Communication Failure: More Common Than You Think

By Marjorie Stiegler on February 16, 2015 in Communication, Leadership, Patient Safety and Quality, Teamwork

The single biggest problem with communication

Why is communication so pervasively difficult?  We see year after year that communication failures top the lists of root causes for sentinel events reviewed by The Joint Commission.   Few people would classify themselves as poor communicators, and yet, communication failures in healthcare are practically an epidemic in themselves.

most frequent root causes


Communication failures may be classified as flaws of:

1. Timing (too late to be actionable).  This speaks for itself, and highlights the importance of speaking up, which I’ve written about before.

2. Audience (person receiving information is not a core team member or  true decision maker).  This is all too common when attending physicians are not actively participating at critical times, such as the pre surgery “time out”.  Critical questions about patient position, anticipated blood loss, comorbid conditions and their impact on anesthetic options, and so on should not be guessed by junior members of the surgery and anesthesia teams.

3. Intent (what is the purpose, context, desired outcome?)   What do we want the other person to do with the information we’ve relayed?  Sometimes data is delivered, but a recommendation, order,  or request is not clearly linked.

4. Situation (competing distractions, music, conversations, inappropriate place or company).  The OR is a hotbed of alarms, music, conversations, and miscellaneous banging and clanging.  Use a “closed loop” technique to ensure you’ve been heard and that your information has registered with the intended recipient.

5. Content (insufficiently transparent, accurate, or relevant).  Medical specialties have languages all their own.  Certain constellations of signs and symptoms are self-explanatory among colleagues of the same discipline, but do not carry the same obvious significance to those in another domain.  Be sure you explain the “punchline” of the data you are conveying.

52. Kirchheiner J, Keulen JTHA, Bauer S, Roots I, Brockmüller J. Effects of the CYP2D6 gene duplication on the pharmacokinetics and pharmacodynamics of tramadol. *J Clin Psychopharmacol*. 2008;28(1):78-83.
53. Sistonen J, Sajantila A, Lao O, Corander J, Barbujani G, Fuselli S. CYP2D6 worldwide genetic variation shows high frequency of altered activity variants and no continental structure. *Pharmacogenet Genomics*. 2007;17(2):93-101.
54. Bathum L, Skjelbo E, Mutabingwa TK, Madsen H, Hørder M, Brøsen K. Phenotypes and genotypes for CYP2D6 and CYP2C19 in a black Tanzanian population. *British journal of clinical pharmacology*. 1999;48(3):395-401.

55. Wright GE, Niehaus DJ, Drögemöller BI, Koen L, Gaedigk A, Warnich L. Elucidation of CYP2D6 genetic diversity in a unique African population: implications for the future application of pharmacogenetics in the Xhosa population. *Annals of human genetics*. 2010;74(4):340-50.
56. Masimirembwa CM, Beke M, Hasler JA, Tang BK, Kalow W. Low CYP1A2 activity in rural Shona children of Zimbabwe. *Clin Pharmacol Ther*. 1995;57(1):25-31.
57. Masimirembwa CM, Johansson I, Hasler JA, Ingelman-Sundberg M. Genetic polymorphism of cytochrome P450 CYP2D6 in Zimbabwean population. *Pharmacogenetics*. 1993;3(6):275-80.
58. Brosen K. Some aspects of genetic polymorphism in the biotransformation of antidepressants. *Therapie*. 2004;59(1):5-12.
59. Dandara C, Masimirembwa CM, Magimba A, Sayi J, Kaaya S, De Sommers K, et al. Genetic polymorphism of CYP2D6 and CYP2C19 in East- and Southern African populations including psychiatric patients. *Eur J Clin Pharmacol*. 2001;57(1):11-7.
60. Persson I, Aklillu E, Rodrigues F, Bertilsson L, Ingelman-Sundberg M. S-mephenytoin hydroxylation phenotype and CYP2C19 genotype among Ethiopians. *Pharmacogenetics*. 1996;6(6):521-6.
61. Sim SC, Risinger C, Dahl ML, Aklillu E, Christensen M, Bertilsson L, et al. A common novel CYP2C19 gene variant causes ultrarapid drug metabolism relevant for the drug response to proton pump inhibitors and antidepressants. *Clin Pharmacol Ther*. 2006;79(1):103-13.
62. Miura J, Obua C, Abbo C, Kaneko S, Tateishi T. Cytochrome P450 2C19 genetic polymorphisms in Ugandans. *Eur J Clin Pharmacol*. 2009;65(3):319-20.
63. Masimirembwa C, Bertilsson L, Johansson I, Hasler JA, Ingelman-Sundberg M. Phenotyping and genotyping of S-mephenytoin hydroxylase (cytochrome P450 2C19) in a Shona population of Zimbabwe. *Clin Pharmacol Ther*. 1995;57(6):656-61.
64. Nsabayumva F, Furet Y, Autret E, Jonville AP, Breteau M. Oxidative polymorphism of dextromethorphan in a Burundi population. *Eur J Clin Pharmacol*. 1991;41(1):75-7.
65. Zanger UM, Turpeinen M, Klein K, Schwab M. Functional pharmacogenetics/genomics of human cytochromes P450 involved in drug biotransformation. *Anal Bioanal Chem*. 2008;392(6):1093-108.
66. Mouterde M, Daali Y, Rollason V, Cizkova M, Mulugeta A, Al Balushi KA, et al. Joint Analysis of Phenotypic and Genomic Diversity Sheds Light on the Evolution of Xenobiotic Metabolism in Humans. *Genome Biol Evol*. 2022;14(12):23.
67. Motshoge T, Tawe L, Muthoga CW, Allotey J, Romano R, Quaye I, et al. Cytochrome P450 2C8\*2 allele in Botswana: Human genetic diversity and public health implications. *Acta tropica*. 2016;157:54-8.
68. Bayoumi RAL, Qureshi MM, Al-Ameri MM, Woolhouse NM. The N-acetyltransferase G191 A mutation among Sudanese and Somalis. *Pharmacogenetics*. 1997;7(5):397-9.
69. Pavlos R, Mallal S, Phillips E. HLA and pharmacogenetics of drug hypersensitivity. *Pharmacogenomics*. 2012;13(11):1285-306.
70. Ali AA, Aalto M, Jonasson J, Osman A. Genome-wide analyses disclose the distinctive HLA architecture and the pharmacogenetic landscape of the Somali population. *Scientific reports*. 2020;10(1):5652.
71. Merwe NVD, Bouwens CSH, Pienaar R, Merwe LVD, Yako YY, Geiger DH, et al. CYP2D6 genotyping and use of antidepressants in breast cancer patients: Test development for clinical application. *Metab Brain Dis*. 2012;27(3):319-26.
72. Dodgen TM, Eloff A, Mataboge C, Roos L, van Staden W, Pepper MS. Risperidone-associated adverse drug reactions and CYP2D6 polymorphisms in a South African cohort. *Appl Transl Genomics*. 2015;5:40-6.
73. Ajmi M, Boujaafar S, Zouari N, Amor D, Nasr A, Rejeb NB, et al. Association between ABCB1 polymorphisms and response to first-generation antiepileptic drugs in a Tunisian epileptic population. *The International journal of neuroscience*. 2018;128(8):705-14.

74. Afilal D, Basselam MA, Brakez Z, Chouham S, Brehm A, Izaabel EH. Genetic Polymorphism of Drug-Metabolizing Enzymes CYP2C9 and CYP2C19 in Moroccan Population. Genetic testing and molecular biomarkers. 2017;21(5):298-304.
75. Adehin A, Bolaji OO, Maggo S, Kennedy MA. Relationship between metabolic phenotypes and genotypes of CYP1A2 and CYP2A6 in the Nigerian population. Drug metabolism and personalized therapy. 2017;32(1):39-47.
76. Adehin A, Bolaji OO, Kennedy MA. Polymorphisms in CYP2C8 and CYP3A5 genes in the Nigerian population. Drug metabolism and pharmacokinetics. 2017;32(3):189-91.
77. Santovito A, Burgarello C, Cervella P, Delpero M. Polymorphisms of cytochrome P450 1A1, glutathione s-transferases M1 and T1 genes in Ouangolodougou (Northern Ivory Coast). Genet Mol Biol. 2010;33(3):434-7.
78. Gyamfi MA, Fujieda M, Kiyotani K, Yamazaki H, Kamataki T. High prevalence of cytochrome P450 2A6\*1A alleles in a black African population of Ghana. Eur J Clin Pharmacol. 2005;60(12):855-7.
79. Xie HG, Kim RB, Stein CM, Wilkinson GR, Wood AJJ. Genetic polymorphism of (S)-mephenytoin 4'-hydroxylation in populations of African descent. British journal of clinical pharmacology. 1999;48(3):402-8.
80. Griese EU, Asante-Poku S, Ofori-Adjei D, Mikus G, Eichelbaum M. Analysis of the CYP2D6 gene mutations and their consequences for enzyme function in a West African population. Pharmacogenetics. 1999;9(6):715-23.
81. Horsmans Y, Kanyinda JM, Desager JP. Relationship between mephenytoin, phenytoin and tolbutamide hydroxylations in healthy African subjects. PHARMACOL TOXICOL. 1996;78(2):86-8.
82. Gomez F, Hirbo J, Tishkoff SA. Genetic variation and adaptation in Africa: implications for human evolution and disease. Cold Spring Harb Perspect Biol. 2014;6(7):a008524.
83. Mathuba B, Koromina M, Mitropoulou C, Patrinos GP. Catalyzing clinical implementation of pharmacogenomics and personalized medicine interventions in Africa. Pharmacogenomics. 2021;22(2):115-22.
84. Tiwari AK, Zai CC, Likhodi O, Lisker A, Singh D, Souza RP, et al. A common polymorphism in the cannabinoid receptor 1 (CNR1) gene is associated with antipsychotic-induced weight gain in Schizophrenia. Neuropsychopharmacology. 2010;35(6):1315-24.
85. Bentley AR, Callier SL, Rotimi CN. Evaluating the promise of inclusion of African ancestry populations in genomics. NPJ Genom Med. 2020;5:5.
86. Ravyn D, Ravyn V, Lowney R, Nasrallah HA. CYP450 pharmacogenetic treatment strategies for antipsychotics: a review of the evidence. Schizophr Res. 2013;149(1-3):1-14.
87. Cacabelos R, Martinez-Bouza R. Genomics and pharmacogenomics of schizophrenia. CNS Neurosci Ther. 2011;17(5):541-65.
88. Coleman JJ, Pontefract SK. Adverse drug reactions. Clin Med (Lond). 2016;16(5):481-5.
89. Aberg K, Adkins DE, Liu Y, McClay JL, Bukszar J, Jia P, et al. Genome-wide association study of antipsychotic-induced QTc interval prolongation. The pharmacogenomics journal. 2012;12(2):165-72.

Communication failures clearly contribute to preventable patient harm.  What are the best strategies you’ve learned to tackle the failures listed above? 




1 Comment

  1. Java Doc February 17, 2015 Reply

    Communication is everything in anesthesia, with surgeons, staff and patient. One area I felt has always been overlooked is case turnover to another anesthesia providerm

    While the actual reported bad outcomes related to transfer of responsibility from one anesthesioligist to another is low, I believe the incidence is probably higher than we realize. I have always felt the lack of a checkist makes turning over complex cases dangerous. I created the ABC’s of case turnover in 2001 while a faculty member at MUSC. As a pilot it is critical to determine who has primary responsibility for flying and good Situational Awareness. The same applies to turning over a long complicated anesthetic.

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